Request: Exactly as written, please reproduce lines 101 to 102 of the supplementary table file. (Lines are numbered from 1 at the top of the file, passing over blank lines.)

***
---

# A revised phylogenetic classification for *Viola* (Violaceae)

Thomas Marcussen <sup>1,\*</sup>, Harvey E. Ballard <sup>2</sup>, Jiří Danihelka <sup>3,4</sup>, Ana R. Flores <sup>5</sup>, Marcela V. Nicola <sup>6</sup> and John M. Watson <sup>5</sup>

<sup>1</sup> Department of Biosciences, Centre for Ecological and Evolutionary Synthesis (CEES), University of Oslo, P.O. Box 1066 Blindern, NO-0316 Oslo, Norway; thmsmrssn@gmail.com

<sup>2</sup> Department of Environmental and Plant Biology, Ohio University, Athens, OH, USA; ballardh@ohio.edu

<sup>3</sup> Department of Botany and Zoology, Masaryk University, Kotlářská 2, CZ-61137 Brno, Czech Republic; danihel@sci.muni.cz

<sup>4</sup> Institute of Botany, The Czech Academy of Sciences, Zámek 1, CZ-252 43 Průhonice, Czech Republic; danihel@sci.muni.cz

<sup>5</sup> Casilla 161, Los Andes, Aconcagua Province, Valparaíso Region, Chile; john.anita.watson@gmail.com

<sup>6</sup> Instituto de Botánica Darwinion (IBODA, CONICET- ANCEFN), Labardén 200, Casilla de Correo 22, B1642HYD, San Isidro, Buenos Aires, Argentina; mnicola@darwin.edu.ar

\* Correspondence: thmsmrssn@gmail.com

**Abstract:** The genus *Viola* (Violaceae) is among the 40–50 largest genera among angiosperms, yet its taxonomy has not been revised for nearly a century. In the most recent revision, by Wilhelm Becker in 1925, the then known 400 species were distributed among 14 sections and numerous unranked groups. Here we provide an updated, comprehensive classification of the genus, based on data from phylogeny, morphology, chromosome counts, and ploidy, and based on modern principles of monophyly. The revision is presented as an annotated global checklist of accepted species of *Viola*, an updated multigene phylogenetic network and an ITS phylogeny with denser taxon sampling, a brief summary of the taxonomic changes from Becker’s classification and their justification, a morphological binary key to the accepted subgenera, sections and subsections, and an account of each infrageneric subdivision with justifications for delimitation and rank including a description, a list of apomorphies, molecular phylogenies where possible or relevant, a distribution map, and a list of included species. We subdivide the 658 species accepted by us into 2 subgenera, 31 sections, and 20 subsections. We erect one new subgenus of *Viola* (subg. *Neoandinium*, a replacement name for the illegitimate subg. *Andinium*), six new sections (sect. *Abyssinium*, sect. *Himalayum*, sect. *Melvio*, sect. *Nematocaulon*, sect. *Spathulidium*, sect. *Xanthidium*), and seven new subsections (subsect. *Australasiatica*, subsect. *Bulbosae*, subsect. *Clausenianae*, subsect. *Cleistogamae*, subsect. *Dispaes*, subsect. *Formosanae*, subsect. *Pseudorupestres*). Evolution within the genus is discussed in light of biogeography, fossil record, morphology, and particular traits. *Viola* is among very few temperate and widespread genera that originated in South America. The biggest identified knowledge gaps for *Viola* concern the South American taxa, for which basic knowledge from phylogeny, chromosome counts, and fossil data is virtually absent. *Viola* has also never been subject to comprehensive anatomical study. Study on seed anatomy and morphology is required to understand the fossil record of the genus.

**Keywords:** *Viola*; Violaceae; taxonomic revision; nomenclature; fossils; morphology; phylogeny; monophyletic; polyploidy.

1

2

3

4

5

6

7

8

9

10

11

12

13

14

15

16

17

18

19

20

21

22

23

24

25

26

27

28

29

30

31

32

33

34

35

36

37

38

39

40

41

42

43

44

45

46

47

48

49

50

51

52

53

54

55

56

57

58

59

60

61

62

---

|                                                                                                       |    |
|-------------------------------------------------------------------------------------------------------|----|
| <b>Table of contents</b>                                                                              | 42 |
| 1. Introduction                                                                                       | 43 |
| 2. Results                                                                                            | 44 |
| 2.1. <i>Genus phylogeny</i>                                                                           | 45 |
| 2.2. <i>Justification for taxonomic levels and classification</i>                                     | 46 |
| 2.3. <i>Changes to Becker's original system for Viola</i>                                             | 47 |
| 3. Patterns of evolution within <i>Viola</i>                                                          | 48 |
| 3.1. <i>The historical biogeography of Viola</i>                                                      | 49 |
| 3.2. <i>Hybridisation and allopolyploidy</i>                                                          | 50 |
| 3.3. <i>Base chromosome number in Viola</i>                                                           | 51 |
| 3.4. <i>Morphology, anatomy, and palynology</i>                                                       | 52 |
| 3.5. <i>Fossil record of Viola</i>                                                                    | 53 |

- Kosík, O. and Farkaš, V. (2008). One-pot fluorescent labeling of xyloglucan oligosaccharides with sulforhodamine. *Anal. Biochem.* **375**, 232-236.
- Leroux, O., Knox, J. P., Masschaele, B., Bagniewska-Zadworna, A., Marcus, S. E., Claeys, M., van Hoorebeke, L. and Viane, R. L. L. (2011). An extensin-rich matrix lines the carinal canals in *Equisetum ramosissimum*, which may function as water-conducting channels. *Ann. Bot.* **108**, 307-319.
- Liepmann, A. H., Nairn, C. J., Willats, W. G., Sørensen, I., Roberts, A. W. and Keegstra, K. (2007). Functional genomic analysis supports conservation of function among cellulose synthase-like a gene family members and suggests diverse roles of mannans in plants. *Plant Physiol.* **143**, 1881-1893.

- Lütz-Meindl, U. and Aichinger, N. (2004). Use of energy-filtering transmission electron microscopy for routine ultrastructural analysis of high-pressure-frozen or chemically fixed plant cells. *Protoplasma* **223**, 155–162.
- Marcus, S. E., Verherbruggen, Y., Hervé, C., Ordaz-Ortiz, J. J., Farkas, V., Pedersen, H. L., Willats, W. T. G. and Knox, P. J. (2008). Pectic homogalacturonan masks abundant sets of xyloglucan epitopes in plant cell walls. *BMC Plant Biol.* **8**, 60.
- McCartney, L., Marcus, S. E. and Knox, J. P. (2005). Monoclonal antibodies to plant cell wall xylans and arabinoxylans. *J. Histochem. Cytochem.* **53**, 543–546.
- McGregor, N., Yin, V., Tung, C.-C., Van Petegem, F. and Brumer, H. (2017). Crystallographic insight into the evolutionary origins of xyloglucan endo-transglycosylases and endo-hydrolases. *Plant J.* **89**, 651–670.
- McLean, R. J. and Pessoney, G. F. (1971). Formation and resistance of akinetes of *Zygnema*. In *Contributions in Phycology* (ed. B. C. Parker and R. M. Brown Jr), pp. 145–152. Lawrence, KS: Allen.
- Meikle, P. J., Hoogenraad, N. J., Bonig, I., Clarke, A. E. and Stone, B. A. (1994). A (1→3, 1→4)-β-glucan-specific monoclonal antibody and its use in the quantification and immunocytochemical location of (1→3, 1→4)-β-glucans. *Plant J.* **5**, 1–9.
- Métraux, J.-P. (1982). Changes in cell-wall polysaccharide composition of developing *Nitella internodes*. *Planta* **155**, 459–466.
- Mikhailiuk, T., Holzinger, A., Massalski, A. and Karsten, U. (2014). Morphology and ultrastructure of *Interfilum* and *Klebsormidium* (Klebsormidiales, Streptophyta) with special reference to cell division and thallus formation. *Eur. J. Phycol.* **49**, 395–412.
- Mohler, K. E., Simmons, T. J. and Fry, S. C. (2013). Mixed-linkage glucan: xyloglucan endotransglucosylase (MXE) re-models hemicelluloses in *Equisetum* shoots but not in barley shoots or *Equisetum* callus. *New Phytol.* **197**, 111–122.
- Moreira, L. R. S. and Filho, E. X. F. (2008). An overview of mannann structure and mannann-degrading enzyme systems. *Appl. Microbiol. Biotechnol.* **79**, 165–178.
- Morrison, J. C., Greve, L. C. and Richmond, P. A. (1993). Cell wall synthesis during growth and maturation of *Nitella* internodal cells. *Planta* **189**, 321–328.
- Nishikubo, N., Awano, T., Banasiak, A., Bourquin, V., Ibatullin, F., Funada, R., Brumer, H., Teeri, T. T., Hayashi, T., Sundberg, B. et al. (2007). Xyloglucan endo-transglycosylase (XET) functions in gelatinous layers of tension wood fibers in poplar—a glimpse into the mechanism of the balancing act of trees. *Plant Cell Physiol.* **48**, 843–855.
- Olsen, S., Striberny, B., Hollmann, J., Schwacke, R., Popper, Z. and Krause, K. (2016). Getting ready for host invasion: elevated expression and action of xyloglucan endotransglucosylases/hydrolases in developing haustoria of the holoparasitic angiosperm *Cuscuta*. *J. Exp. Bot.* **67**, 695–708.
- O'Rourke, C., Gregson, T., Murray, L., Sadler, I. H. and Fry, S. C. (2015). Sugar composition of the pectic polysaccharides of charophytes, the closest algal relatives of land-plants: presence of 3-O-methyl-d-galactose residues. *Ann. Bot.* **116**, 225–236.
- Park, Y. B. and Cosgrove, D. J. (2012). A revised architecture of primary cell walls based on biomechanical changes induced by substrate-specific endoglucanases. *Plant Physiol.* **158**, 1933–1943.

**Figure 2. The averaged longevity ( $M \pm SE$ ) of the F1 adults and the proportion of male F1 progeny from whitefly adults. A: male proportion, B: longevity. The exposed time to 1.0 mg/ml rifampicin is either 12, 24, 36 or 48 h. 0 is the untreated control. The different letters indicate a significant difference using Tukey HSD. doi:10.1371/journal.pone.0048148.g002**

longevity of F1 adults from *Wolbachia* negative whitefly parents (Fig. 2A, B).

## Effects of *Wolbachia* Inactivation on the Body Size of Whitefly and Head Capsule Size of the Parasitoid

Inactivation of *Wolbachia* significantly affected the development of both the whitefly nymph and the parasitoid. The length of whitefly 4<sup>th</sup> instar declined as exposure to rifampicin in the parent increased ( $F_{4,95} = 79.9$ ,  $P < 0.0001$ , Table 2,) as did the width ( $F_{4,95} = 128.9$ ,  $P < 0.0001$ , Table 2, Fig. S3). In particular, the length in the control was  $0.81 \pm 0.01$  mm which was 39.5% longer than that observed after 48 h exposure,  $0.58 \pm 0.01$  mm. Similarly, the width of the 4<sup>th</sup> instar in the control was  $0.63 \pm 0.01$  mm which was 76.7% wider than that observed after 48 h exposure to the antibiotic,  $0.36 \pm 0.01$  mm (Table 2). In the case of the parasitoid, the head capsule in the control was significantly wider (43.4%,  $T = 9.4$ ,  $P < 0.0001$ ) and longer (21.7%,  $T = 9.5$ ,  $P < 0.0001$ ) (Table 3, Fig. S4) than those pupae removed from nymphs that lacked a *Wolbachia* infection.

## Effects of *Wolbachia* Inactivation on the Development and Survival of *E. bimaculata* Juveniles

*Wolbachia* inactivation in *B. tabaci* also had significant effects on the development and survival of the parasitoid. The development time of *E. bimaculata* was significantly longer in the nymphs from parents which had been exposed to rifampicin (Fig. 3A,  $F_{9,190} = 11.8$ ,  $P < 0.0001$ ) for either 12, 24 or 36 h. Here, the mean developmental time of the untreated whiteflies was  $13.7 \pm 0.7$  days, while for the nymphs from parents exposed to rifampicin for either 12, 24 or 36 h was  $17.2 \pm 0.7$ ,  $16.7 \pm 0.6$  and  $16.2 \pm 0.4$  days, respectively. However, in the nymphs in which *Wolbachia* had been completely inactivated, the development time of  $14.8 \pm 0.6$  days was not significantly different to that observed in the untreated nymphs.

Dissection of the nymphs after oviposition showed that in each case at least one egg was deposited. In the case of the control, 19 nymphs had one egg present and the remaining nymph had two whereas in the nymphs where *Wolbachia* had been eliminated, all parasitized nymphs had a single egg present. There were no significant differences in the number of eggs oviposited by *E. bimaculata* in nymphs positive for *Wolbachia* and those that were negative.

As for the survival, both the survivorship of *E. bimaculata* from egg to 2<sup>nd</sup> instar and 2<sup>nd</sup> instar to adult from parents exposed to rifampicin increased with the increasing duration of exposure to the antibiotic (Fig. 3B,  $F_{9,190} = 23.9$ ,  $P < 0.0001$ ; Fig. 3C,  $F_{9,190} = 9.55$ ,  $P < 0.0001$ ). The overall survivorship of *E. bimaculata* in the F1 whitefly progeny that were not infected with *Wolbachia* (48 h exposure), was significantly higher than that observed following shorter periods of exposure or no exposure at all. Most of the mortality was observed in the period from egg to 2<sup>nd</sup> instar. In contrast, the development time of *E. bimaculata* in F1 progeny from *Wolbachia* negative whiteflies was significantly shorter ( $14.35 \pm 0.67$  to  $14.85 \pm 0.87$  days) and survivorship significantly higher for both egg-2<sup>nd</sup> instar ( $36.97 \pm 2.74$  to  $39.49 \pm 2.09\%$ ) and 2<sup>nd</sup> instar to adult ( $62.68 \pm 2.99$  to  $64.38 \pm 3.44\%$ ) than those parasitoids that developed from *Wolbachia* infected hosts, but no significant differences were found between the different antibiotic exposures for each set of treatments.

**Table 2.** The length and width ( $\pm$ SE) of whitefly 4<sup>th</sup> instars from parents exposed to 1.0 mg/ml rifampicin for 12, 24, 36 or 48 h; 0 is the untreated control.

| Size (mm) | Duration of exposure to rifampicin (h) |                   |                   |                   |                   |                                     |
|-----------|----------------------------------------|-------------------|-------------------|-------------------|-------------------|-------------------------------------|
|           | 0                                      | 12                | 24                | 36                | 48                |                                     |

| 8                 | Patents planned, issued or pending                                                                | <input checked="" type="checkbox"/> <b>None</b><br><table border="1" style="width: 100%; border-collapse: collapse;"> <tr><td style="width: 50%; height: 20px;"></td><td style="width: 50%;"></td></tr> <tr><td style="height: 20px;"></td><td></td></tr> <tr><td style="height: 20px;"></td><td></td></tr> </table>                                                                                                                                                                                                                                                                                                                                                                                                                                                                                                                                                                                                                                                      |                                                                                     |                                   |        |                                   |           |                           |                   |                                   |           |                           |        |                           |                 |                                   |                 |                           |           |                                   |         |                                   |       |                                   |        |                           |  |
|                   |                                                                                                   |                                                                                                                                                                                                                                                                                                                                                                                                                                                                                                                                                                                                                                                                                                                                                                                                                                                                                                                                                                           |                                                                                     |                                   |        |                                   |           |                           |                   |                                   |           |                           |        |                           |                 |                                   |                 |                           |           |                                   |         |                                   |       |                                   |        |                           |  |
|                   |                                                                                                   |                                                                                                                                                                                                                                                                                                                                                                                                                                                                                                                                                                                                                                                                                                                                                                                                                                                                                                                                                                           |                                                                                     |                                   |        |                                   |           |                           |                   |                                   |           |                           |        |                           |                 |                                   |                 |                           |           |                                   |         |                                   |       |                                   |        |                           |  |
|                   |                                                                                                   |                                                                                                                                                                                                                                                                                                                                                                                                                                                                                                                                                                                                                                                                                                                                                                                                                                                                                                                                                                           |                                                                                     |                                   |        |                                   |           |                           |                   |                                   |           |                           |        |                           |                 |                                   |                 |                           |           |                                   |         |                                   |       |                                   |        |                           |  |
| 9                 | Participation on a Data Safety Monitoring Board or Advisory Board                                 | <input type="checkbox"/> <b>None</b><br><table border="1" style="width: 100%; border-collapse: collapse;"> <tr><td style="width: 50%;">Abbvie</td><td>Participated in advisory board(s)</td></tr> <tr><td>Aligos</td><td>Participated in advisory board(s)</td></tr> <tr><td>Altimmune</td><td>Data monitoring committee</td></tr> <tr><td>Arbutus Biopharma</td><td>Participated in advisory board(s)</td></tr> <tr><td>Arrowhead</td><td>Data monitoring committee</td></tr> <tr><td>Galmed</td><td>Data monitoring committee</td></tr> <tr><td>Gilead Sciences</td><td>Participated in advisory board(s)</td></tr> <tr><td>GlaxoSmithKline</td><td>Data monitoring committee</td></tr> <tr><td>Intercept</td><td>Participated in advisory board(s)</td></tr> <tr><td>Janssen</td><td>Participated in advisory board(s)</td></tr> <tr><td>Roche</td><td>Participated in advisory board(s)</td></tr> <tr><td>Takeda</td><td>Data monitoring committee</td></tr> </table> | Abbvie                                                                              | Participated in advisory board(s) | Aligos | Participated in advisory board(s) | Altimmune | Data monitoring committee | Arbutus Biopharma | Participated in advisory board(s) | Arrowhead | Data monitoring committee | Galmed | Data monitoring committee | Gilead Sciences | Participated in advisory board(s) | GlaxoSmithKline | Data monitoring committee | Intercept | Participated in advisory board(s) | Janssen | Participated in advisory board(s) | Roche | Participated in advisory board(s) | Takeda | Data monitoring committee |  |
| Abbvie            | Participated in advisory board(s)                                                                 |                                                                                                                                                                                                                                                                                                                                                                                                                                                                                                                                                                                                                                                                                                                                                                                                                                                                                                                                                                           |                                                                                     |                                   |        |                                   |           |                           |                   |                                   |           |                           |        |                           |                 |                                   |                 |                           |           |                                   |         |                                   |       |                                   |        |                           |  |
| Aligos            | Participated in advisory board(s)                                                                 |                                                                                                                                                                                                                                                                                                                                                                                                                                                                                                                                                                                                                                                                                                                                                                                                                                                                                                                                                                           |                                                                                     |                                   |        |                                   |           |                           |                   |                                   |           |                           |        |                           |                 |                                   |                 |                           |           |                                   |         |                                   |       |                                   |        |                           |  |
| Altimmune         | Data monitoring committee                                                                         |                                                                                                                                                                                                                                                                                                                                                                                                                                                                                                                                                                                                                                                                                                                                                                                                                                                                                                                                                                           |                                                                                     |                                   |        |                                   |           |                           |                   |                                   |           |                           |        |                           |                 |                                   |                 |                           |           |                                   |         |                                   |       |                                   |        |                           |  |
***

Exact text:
- Mohler, K. E., Simmons, T. J. and Fry, S. C. (2013). Mixed-linkage glucan: xyloglucan endotransglucosylase (MXE) re-models hemicelluloses in *Equisetum* shoots but not in barley shoots or *Equisetum* callus. *New Phytol.* **197**, 111–122.
- Moreira, L. R. S. and Filho, E. X. F. (2008). An overview of mannann structure and mannann-degrading enzyme systems. *Appl. Microbiol. Biotechnol.* **79**, 165–178.